Modern agriculture is steadily reducing its environmental impact, but its progress alone is not enough to stop resource depletion.

Carlos Saviani, vice president of the World Wildlife Fund’s food team, said to protect their business and the planet, agricultural interests need to work together.  Saviani, who leads the Washington-based global conservation organization’s sustainable meat and livestock initiative, spoke at April’s Egg Industry Center's Issues Forum.

Saviani commended the progress made by the global livestock industry at reducing the amount of resources used in the production of meat, dairy and eggs. Specifically for poultry, the industry made great strides between 1965 and 2010, reducing fossil energy use by about 40 percent, water depletion by about 50 percent and land occupation by about 70 percent.

But the industry must go must further to produce more food than the world ever has with scarcer resources. To feed the global population, Saviani said, the world’s farmers are using 1.6 times what the earth’s natural resources can continue to provide. By 2050, that amount will grow to 2 “earths,” he said.

Carlos Saviani, vice president of the World Wildlife Fund's food team.

Carlos Saviani, vice president of the World Wildlife Fund’s food team. | Terrence O'Keefe

A joint effort

Global food producers must pull together to freeze their environmental footprint. Saviani advocated for the formation of roundtable groups where representatives of companies, trade organizations, non-governmental interest groups and other parties can regularly meet with the objective of collectively adopting more sustainable business practices.

While there may be significant discord between large agribusinesses and small farmers who believe in organic or free-range practices, the two groups agree on more points than they dispute, Saviani said.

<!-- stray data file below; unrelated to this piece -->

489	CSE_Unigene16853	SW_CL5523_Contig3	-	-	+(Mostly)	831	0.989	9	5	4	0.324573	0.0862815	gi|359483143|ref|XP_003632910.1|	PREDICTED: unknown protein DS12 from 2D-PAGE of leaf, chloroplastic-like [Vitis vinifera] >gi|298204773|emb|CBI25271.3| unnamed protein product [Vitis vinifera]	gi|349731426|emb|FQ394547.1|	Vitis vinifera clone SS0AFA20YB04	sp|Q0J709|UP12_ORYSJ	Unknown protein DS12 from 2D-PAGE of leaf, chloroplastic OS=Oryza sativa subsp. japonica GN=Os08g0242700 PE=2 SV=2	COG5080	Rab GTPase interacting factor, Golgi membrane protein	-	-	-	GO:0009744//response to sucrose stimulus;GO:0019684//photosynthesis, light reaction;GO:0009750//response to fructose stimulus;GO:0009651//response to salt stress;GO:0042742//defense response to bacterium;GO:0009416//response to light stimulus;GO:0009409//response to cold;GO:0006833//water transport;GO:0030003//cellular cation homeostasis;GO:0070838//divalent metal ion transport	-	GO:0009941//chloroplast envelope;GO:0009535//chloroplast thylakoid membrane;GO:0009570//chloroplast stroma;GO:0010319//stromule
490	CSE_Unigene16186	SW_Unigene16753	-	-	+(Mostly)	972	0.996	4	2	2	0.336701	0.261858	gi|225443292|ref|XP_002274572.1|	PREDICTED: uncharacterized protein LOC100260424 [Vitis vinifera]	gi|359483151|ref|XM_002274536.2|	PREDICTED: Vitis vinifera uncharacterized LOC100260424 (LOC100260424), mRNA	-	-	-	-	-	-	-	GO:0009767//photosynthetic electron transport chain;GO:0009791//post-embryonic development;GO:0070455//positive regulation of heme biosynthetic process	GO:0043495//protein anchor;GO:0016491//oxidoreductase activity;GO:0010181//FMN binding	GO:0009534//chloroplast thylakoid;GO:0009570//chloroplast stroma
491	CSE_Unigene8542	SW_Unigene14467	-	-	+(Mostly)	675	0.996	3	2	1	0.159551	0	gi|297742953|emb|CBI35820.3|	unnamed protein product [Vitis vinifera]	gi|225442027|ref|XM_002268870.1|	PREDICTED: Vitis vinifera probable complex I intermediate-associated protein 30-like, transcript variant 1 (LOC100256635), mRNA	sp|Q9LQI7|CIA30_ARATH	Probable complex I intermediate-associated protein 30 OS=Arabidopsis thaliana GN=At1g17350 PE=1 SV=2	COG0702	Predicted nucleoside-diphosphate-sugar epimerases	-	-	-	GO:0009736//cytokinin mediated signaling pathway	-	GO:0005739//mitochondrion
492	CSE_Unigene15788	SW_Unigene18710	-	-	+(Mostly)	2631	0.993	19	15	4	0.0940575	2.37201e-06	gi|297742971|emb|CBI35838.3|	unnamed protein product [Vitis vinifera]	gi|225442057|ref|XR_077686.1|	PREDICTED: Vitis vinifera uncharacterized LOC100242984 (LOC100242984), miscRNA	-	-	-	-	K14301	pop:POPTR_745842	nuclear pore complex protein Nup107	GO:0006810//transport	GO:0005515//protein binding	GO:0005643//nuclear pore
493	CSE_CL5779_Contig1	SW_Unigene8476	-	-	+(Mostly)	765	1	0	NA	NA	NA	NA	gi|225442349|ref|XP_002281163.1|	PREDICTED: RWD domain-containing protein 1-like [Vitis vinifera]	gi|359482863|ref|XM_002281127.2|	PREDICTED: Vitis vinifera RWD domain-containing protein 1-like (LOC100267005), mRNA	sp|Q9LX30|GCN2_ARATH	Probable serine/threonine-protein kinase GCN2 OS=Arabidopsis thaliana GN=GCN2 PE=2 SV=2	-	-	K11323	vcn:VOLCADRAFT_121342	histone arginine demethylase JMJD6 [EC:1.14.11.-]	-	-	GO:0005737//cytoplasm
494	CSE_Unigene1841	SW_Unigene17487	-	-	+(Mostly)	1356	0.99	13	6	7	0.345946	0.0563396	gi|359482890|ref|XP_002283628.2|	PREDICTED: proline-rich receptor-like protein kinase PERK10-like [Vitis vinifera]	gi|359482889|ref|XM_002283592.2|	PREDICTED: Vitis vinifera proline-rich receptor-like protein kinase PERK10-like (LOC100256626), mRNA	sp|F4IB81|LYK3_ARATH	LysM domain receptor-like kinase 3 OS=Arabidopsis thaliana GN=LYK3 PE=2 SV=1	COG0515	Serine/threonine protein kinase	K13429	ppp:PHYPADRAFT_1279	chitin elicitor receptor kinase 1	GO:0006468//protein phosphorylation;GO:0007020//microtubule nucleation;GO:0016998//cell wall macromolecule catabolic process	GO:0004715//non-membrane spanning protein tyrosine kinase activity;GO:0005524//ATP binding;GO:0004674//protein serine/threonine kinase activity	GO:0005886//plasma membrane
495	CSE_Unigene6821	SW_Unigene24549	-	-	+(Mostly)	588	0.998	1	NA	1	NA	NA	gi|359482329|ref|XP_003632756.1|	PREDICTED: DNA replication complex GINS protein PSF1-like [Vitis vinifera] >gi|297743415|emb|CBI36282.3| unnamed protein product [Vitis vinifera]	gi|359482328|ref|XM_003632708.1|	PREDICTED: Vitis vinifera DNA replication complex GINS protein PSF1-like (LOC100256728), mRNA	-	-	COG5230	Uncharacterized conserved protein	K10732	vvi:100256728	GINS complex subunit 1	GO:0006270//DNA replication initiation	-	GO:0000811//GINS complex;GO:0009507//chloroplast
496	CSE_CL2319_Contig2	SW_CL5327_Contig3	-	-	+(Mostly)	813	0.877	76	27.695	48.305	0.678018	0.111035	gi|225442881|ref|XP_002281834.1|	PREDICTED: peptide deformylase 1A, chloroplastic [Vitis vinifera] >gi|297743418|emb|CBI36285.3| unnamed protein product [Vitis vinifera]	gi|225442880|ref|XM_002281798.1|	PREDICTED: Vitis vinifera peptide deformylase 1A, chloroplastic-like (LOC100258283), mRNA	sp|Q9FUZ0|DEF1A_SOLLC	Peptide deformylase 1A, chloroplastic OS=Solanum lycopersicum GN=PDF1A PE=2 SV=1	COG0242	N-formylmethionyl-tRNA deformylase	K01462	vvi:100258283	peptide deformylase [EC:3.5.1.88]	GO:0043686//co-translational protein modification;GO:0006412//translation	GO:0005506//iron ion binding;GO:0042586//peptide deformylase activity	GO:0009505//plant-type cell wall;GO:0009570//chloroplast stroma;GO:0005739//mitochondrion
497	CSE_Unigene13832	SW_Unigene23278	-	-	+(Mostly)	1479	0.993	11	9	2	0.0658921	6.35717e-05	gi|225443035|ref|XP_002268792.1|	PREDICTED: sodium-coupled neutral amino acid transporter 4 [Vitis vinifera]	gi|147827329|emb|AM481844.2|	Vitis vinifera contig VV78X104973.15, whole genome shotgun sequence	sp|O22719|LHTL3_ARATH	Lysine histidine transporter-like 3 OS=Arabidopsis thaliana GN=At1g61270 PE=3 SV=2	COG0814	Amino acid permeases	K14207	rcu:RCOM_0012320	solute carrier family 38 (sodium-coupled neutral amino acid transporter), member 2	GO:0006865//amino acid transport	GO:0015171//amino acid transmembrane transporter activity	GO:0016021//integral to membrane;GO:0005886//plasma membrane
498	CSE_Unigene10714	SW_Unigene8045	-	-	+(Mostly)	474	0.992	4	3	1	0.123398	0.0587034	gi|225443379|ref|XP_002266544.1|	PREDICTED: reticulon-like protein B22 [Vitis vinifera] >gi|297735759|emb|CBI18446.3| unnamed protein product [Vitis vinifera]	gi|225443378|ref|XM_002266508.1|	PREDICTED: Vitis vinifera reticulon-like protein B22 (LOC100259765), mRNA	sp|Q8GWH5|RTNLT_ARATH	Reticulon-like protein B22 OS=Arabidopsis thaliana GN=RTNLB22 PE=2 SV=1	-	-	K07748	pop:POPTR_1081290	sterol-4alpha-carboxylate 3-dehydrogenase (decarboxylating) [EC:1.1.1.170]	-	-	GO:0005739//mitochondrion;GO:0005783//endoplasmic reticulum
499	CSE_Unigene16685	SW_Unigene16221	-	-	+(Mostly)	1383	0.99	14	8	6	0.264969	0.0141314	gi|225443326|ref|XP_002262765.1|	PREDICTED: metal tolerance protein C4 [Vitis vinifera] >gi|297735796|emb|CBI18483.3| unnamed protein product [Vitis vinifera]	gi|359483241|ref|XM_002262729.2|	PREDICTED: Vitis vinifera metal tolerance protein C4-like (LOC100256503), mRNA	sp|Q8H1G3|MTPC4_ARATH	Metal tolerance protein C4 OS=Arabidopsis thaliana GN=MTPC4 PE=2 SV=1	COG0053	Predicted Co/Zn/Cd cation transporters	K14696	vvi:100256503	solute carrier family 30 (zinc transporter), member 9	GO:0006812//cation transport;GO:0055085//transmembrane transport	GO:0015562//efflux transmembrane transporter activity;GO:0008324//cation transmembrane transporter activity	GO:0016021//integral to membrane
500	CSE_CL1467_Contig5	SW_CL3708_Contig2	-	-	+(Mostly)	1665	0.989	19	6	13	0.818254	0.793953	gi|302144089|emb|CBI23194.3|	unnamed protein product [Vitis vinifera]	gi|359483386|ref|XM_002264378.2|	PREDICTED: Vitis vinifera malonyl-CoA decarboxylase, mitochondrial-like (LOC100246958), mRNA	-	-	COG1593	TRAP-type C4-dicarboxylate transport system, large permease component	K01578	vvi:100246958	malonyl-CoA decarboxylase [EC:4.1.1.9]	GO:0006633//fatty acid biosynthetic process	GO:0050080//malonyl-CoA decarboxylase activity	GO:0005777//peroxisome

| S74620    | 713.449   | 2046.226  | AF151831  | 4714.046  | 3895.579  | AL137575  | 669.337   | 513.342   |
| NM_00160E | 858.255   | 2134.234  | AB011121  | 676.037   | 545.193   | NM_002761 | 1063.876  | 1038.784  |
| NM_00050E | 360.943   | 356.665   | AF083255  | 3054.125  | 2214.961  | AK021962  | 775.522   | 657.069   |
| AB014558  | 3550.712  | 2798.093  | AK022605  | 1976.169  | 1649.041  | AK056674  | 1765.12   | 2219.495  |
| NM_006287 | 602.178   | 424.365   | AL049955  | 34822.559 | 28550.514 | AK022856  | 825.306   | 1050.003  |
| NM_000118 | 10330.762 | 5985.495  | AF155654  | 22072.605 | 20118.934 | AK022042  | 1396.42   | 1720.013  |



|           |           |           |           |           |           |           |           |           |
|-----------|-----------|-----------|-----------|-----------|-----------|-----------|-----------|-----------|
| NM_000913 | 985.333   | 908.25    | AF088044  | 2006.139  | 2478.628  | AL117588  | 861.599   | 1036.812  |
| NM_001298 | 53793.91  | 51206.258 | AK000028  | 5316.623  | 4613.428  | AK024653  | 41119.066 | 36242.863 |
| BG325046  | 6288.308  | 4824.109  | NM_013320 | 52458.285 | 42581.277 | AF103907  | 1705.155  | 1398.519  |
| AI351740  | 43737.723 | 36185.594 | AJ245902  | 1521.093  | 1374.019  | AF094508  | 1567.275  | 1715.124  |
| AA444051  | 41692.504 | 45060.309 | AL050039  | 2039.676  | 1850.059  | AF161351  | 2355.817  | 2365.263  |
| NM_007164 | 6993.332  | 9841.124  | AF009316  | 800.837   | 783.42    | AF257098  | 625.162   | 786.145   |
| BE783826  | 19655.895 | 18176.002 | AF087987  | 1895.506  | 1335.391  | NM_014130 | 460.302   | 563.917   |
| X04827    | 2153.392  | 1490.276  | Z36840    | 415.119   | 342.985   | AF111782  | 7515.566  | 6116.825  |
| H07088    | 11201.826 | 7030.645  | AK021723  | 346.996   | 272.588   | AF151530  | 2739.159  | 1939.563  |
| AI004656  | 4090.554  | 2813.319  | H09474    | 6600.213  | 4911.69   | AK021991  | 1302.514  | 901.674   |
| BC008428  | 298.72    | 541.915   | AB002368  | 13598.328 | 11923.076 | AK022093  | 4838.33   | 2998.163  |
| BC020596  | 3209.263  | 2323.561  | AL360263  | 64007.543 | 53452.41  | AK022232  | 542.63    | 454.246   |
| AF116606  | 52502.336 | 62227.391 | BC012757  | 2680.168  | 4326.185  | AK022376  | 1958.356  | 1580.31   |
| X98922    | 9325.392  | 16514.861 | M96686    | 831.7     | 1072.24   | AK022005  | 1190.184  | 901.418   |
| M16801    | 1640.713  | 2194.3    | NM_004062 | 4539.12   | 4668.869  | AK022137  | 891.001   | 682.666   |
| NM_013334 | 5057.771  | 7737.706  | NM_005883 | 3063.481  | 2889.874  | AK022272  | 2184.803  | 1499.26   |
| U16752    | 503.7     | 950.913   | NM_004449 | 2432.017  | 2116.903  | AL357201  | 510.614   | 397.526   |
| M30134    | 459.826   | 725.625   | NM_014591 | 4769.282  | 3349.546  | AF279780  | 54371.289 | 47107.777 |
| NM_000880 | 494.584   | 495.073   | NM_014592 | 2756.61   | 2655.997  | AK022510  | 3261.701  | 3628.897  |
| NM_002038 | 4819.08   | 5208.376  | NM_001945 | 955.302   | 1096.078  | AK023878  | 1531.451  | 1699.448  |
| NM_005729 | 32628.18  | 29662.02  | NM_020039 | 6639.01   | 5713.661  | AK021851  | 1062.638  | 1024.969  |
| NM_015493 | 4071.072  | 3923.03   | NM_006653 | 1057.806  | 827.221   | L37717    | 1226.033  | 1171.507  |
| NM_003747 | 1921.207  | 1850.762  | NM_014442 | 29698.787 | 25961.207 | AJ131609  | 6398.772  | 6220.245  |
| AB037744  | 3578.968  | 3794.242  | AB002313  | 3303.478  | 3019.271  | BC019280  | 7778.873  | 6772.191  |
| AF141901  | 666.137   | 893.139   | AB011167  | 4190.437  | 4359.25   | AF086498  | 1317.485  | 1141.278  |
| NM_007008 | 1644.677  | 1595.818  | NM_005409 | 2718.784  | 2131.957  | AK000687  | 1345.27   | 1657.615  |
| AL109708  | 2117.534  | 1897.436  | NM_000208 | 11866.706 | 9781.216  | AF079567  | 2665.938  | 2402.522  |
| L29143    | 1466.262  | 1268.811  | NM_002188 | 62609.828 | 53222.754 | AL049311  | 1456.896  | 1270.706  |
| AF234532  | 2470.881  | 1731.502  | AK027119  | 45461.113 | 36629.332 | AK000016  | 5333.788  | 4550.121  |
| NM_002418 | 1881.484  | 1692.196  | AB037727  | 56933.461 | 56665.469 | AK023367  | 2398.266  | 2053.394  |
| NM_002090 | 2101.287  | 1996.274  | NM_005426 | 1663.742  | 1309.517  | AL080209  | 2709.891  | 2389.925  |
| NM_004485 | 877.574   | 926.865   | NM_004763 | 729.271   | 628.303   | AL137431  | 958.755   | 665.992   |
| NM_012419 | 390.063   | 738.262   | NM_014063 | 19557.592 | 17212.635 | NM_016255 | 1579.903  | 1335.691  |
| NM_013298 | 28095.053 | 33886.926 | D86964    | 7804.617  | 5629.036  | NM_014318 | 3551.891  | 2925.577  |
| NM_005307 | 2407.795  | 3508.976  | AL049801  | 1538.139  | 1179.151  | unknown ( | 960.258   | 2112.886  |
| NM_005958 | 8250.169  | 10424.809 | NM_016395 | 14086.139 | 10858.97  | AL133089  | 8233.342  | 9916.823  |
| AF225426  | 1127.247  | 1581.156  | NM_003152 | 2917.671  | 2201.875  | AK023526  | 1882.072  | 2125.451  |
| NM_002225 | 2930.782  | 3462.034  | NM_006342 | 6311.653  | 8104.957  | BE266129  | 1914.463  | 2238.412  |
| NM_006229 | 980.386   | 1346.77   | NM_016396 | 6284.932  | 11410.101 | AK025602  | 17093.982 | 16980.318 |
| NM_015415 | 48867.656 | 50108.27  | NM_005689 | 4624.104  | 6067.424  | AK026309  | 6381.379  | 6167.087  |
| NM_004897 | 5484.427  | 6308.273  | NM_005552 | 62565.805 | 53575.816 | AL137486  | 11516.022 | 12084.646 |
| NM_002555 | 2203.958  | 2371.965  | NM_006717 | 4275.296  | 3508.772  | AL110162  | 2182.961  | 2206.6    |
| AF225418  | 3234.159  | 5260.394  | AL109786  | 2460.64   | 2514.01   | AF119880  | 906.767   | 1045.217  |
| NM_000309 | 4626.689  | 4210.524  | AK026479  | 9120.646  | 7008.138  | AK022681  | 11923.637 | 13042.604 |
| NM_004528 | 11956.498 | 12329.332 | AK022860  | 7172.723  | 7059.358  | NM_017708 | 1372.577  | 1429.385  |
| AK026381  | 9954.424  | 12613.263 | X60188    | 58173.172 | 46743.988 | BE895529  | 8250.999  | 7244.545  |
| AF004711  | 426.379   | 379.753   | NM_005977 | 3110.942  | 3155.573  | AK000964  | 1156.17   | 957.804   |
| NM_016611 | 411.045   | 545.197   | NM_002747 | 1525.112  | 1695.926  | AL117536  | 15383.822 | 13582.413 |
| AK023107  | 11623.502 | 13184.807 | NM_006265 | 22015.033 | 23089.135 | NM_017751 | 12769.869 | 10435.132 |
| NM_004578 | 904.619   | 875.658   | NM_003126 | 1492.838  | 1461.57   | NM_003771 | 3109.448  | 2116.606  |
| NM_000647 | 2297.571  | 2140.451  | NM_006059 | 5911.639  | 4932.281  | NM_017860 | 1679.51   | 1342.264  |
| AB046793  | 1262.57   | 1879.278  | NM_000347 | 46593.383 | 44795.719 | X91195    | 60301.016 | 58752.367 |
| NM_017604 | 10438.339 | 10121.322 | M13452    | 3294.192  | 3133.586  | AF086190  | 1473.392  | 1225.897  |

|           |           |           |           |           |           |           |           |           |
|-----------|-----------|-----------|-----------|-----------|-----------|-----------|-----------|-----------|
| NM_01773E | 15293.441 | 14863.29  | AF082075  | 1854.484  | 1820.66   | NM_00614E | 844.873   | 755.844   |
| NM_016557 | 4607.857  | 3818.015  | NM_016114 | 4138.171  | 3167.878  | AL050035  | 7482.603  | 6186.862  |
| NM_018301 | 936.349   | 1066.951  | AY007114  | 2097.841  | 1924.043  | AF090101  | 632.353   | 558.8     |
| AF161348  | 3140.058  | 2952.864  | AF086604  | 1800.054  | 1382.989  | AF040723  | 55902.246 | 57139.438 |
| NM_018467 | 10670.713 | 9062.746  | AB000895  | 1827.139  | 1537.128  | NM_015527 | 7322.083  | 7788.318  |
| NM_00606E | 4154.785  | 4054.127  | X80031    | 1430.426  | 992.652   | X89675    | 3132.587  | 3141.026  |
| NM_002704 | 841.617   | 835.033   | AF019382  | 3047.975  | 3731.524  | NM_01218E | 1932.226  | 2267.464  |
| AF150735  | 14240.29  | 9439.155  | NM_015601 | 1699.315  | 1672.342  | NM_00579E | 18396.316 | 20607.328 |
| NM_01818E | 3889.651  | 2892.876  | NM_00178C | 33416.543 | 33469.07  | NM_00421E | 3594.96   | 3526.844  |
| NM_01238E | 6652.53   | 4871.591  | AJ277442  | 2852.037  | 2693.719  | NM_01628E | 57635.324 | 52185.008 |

Most importantly, they share an interest in protecting the earth’s resources. The speaker cited numerous studies conducted by the world’s largest companies that estimated the value of commodities companies get for free – natural resources like fresh water – would be at least $72 trillion every year if they were required to pay for the same resources.

An egg roundtable in the U.S.

Based on models established by global groups dedicated to sustainable beef, fishing and aquaculture, Saviani suggested to the egg professionals that the country’s industry should form a roundtable group aimed at sustainability. The International Egg Commission, a London-based international cooperation body for the global egg industry, approved the creation of a Global Roundtable for Sustainable Eggs in September 2015.

Saviani said a U.S.-focused group should start off with a vision of creating a group that prioritizes social responsibility that is environmentally sound and economically viable. The global group focuses on continued development and improvement in sustainability across the egg value chain through multi-sector stakeholder engagement, collaboration, knowledge sharing, science and leadership. Membership should be open to everyone who is involved in the egg industry and sustainable egg production in order to maximize the diversity of experiences and ideas.


A roundtable group should be built around five pillars: protection of the environment and natural resources; production of safe and affordable, high-quality protein; promotion of the livelihoods people and the communities involved in egg production; animal health and welfare; and finding efficiency and innovation.

“The approach of the roundtable is to provide a set of foundations, and those foundations can be the defined principals and criteria,” Saviani said. “What is sustainability for eggs? What is the whole understanding of the industry? What is the formal understanding of the whole sector working with the stakeholder engagement? … What are the principals and criteria that are supporting this idea of sustainability?”

Saviani said sustainability is a constant goal and is more of a journey toward an ideal than it is completing a single goal. Therefore, roundtables shouldn’t provide certification for sustainable egg production, but rather encourage the development of specific indicators of sustainability.

The speaker was pleased with the progress U.S. producers are making toward the formation of a U.S. sustainable poultry roundtable. Saviani said the group’s formation was announced at the International Production & Processing Expo in Atlanta in January. He said Springdale, Arkansas, industry giant Tyson Foods Inc. is leading the group’s formation.